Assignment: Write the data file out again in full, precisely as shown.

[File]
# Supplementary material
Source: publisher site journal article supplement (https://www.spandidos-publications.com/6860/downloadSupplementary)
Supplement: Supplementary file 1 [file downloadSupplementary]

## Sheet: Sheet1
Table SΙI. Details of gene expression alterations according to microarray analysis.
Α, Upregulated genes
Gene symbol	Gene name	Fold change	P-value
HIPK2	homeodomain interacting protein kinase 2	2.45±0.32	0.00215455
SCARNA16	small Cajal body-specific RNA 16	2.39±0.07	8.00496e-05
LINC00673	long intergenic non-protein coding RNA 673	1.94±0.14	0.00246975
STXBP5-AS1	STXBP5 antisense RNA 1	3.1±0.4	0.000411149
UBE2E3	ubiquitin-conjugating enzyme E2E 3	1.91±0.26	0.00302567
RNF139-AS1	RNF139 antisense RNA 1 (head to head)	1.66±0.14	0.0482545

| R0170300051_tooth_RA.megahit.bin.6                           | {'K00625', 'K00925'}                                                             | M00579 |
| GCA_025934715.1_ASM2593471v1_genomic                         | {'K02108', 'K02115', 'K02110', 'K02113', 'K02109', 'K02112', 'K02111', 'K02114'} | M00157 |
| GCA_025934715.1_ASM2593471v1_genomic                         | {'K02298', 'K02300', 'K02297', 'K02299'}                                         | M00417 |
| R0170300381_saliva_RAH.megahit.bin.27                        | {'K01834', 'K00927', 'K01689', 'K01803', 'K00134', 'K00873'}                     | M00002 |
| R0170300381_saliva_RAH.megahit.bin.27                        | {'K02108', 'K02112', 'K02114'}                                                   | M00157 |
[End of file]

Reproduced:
# Supplementary material
Source: publisher site journal article supplement (https://www.spandidos-publications.com/6860/downloadSupplementary)
Supplement: Supplementary file 1 [file downloadSupplementary]

## Sheet: Sheet1
Table SΙI. Details of gene expression alterations according to microarray analysis.
Α, Upregulated genes
Gene symbol	Gene name	Fold change	P-value
HIPK2	homeodomain interacting protein kinase 2	2.45±0.32	0.00215455
SCARNA16	small Cajal body-specific RNA 16	2.39±0.07	8.00496e-05
LINC00673	long intergenic non-protein coding RNA 673	1.94±0.14	0.00246975
STXBP5-AS1	STXBP5 antisense RNA 1	3.1±0.4	0.000411149
UBE2E3	ubiquitin-conjugating enzyme E2E 3	1.91±0.26	0.00302567
RNF139-AS1	RNF139 antisense RNA 1 (head to head)	1.66±0.14	0.0482545

| R0170300051_tooth_RA.megahit.bin.6                           | {'K00625', 'K00925'}                                                             | M00579 |
| GCA_025934715.1_ASM2593471v1_genomic                         | {'K02108', 'K02115', 'K02110', 'K02113', 'K02109', 'K02112', 'K02111', 'K02114'} | M00157 |
| GCA_025934715.1_ASM2593471v1_genomic                         | {'K02298', 'K02300', 'K02297', 'K02299'}                                         | M00417 |
| R0170300381_saliva_RAH.megahit.bin.27                        | {'K01834', 'K00927', 'K01689', 'K01803', 'K00134', 'K00873'}                     | M00002 |
| R0170300381_saliva_RAH.megahit.bin.27                        | {'K02108', 'K02112', 'K02114'}                                                   | M00157 |